Women feeling the Pressure?
There are an increasing number of reports of drunkenness amongst women as well as street arguments and the use of obscene language. The licensee of the Burnt Oak, Gillingham, was fined £10 at the Rochester Magistrates for permitting drunkenness on his premises. On hearing the evidence the court and police expressed concern about the increase in drunkenness amongst women. This could be symptom of the pressure that women may be under. Amongst the many other court reports, Annie Thompson, wife of a naval warrant officer, of Horsley Road, Rochester, was bought before the court for neglecting her children. She was well provided for financially but was spending too much on whisky and was therefore failing to provide adequately for children. She was sentenced to three months imprisonment. To help alleviate her distress on receiving a prison sentence, the magistrate assured her that her sentence would not entail hard labour. [The reports are silient on what happened to her children.]
Other cases before the Court have involved what could be best described as ‘community disagreements’ resulting in women engaging in heated arguments. At a recent sitting of the Rochester Court, at which the case against two married women from Parr’s Head Lane was dismissed, the Mayor observed that an increasing number of “Rochester ladies are indulging in fisticuffs” and concluded that “it’s a very bad thing and the sooner it is put a stop to the better”.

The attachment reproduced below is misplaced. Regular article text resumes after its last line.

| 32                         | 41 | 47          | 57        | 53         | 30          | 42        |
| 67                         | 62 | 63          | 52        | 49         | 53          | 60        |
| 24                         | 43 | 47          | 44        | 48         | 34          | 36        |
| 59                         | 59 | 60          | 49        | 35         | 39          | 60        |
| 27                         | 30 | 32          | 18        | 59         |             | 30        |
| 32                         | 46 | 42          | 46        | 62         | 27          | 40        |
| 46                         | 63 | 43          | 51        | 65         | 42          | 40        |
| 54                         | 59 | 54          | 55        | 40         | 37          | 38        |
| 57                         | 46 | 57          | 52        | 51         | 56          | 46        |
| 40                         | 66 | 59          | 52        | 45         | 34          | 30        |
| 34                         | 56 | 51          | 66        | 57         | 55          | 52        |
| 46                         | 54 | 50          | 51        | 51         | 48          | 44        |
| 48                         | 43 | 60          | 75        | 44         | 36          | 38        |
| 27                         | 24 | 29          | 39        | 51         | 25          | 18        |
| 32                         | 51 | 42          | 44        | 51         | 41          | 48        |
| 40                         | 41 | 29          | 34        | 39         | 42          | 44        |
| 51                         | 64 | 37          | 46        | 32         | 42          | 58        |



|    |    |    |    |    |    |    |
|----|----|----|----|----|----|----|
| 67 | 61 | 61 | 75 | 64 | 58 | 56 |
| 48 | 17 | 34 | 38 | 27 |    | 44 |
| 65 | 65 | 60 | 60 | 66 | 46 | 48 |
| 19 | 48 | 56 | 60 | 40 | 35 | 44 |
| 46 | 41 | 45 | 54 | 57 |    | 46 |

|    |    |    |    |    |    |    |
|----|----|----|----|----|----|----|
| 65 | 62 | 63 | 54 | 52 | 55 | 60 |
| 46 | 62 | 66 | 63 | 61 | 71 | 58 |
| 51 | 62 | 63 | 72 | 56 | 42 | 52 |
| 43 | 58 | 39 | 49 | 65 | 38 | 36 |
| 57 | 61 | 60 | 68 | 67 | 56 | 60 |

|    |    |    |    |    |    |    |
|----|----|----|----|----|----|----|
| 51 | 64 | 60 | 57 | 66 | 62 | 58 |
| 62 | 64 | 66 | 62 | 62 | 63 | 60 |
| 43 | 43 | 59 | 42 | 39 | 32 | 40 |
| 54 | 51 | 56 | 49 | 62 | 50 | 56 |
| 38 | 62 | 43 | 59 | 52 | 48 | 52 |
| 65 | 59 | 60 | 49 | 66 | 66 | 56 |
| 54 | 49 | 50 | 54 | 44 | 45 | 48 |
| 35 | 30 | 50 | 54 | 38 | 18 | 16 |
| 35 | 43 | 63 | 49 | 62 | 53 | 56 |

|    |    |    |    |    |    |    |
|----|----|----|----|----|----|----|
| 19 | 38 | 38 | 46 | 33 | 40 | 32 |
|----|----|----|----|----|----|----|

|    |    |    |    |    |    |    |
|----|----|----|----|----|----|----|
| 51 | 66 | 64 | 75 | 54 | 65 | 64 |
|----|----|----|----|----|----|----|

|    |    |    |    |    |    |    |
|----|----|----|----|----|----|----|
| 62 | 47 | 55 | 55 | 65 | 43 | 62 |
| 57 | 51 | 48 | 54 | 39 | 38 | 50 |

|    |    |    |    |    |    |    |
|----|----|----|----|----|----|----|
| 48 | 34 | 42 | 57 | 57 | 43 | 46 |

War Time Austerity
The price of coal is escalating and having failed to come to an agreement with the local coal merchants to limit the profit on the sale of coal for domestic purposes, the Rochester and Chatham Corporations have made arrangements to buy and retail coal.
In pursuance of austerity the Strood Guardians have decided to reduce the size of the Christmas plum puddings for inmates this year from 1lb to 3/4 lbs.; the other Christmas fare will remain much the same.
Public Notices: The Rochester, Chatham and Gillingham Gas Company have asked their customers to advise them if they experience a significant drop in gas pressure. This could occur as the company has been required by the Ministry of Munitions to alter the way it manufactures gas in order that more chemicals essential for the production of munitions, are produced.
Remember to obscure light for your safety and that of Rochester. The Rochester City Police Court continue to hear cases brought for infringement of the Lighting Order brought in under the DORA - and no one is immune, Cllr. R. Wilfred Dale, grocer in the High Street, as fined 20s for failing to obscure light despite complaining that others in the High Street are infringing this regulation.
Geoff Ettridge, War Reporter.